Things I’ve Learned Converting my First React Methods to Typescript (Part 0)

As it turns out, you have to earn TypeScript by fixing technical debt

For my birthday, my partner agreed to teach me TypeScript. This came with some surprise strings attached, like “stop circumventing React”. So first, instead of using custom attributes I could read out of an event, I had to change my code to use proper parameters in the callback function associated with the event handler.

I will do some more lines later, but I’ll start my penance now:

I will not use the DOM as a state store, nor will I bypass the use of state and props.

If I want my own special state store pile, I must use a real one like Redux. The builtin state store that comes with React is perfectly fine as well. The way data in memory is meant to be stored and used is in state, passed as a property to a component. Not hidden in the DOM and plucked out of a click event object.

If I had two functions that conditionally modified the data I had previously stored in the DOM, I wouldn’t cause this data to actually propagate since React wouldn’t queue a new render pass. While that would have been unlikely given that I was storing ID values unlikely to change, if I get into this as a long term habit I’ll apparently cause “nightmare debugging sessions” and “make the senior developers grumpy”.

KonMari: Evading React Methodology

The first thing to learn is about not evading Javascript and React’s builtin features. I do not need to set custom attributes on this <img> tag. The best practice here is actually to pass the face value ( and the individual value (card.flippedid) as arguments to the event handler’s callback function.

From This…… To this!
return ( <img className="card"
//adds card value to event for handleflip
//adds card id to event for handleflip
src={flipped ? card.image : cardBack}
onClick={ flipped ? null : (event) => {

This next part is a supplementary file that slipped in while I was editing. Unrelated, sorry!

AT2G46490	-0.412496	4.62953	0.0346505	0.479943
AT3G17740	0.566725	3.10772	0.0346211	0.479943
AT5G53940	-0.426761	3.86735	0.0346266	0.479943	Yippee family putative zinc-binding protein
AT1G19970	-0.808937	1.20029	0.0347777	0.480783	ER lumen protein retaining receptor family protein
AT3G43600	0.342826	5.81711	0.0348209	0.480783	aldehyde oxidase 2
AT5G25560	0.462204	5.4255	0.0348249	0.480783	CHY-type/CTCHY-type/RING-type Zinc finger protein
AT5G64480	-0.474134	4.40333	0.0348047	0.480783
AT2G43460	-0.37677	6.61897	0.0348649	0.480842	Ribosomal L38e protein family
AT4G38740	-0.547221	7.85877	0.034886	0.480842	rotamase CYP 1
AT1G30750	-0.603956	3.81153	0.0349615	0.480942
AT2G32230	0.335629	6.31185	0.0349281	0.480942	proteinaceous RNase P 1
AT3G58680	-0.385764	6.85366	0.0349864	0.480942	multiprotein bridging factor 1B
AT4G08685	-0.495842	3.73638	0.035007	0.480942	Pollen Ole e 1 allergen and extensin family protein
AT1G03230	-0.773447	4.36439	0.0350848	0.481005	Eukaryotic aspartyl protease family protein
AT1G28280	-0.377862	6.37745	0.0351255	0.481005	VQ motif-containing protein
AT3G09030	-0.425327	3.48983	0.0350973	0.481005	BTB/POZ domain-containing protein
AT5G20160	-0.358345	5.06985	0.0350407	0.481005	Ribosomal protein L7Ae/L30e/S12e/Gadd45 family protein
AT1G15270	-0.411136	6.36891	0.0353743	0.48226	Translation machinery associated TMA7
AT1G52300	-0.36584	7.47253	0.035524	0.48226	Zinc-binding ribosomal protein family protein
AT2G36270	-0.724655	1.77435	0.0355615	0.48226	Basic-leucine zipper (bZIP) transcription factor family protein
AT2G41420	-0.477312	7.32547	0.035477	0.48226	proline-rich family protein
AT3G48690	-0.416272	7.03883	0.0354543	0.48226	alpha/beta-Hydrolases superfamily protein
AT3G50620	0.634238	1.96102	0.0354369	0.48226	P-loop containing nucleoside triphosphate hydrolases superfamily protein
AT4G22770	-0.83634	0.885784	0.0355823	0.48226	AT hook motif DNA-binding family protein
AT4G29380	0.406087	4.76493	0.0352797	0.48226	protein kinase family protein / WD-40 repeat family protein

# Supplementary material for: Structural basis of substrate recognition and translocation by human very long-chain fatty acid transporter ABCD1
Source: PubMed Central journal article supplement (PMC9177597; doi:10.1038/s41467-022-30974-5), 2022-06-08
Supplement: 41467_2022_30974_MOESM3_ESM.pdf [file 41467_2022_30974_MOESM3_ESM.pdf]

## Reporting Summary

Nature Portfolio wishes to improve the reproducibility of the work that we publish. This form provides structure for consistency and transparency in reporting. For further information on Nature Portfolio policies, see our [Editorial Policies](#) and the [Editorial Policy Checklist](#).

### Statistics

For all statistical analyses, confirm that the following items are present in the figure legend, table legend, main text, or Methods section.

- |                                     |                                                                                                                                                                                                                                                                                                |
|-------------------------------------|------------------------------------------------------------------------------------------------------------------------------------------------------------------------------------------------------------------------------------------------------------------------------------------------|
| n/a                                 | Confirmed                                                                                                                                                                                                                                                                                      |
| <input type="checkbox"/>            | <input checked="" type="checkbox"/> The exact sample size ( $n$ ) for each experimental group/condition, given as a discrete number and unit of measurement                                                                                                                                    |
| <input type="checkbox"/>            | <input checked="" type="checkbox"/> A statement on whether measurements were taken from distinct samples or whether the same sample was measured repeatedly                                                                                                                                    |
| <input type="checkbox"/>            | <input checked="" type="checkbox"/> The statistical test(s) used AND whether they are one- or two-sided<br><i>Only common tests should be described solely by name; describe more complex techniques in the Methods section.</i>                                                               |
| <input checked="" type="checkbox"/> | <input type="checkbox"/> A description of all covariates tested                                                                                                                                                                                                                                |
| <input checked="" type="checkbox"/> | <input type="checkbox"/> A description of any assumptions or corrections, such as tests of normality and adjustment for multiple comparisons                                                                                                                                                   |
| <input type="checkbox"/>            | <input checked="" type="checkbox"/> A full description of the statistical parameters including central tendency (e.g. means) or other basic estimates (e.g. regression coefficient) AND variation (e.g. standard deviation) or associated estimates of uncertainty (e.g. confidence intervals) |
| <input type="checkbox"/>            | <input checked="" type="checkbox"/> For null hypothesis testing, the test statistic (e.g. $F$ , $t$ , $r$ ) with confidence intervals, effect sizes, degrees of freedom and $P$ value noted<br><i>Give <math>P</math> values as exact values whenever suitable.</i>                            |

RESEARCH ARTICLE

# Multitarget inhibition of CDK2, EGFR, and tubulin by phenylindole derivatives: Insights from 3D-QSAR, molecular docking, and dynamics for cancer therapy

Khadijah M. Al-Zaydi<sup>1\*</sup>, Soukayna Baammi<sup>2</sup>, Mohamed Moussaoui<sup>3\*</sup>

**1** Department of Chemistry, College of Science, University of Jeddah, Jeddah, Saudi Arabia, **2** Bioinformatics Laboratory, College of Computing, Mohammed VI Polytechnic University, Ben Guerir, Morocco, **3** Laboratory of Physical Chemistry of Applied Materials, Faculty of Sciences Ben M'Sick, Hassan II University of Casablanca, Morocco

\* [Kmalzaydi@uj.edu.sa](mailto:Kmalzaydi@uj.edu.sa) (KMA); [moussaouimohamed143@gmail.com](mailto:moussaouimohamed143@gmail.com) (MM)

handleFlip(event); }
} /> );

let clickedCardId =; let clickedCardFlippedId =;
return ( <img className="card"
src={flipped ? card.image : cardBack} alt={card.alt}
onClick={ flipped ? null : (event) => {
handleFlip(event,, card.flippedid); } } /> );

functionhandleFlip(cardClickEvent, faceID, valueID) {

let clickedCardId = faceID;
let clickedCardFlippedId = valueID;

Making this work also required changing some of the way the data of a card object is stored. In the JSON data file, the card’s face value ID is stored as a string. We literally never use this value as a string anywhere in this project. It makes more sense to store as an integer and remove the .toString() methods from this code block:

if (flipped === false) {
    if (faceUpCards.includes(card.flippedid.toString())) {
    } else {

Now, we save precious compute cycles for literally anything else by directly comparing integers without type conversion:

if (flipped === false) {
    if (faceUpCards.includes(card.flippedid)) {
    } else {

  if (flipped === true) {
    if (faceUpCards.includes(card.flippedid)) {
    } else {

Having to deal with typed comparisons in standard JavaScript is part of what got us into this mess. That and my stalwart refusal to store more on disk than is necessary, no matter that I probably only saved something like 6kB.

Firstly, let’s head back to our shell and install the dependencies that allow us to use TypeScript in this legacy code. Since by this time my partner needed to go back to work for a prod deploy, I’ll be following a guide I found on Jayson Alzate’s blog.

  npm install --save-dev typescript @typescript-eslint/parser @typescript-eslint/eslint-plugin ts-loader

Next, I added a tsconfig.json file to my document root. I’m using this one from Jayson’s post since it doesn’t enforce strict typing, and that makes it good for legacy codebases in transition.

After that, I’ll need to check my package.json file to make sure everything worked and it will load .ts and .tsx files, which will enable me to convert that comparison above to a strictly typed method.

Thanks to the npm command above, we do see that package.json has already been updated accordingly:


Using a strictly typed method will save time. I remember that my group spent over an hour trying to figure out why the comparison didn’t work as we expected in the first place, but TypeScript would throw a type error if we had used it. Also, the solution was not to just typecast at runtime.

The guide I’m referencing uses a .tsx file as an entry point, but I’m not ready to change that yet, nor am I ready to do much more in-depth refactoring. Perhaps I’ll actually make more forays into TypeScript with a brand-new project, rather than learning by refactoring. In any case, learning how to go back and re-assess legacy code is a great skill and I’m working on cultivating it so that I can improve as a programmer.

Maybe one day soon, I’ll earn my TypeScript privileges!

Thank you for reading. If you liked this article, have some suggestion to make, or have further questions, please feel free to drop me a comment below.

Word Count:


Related Posts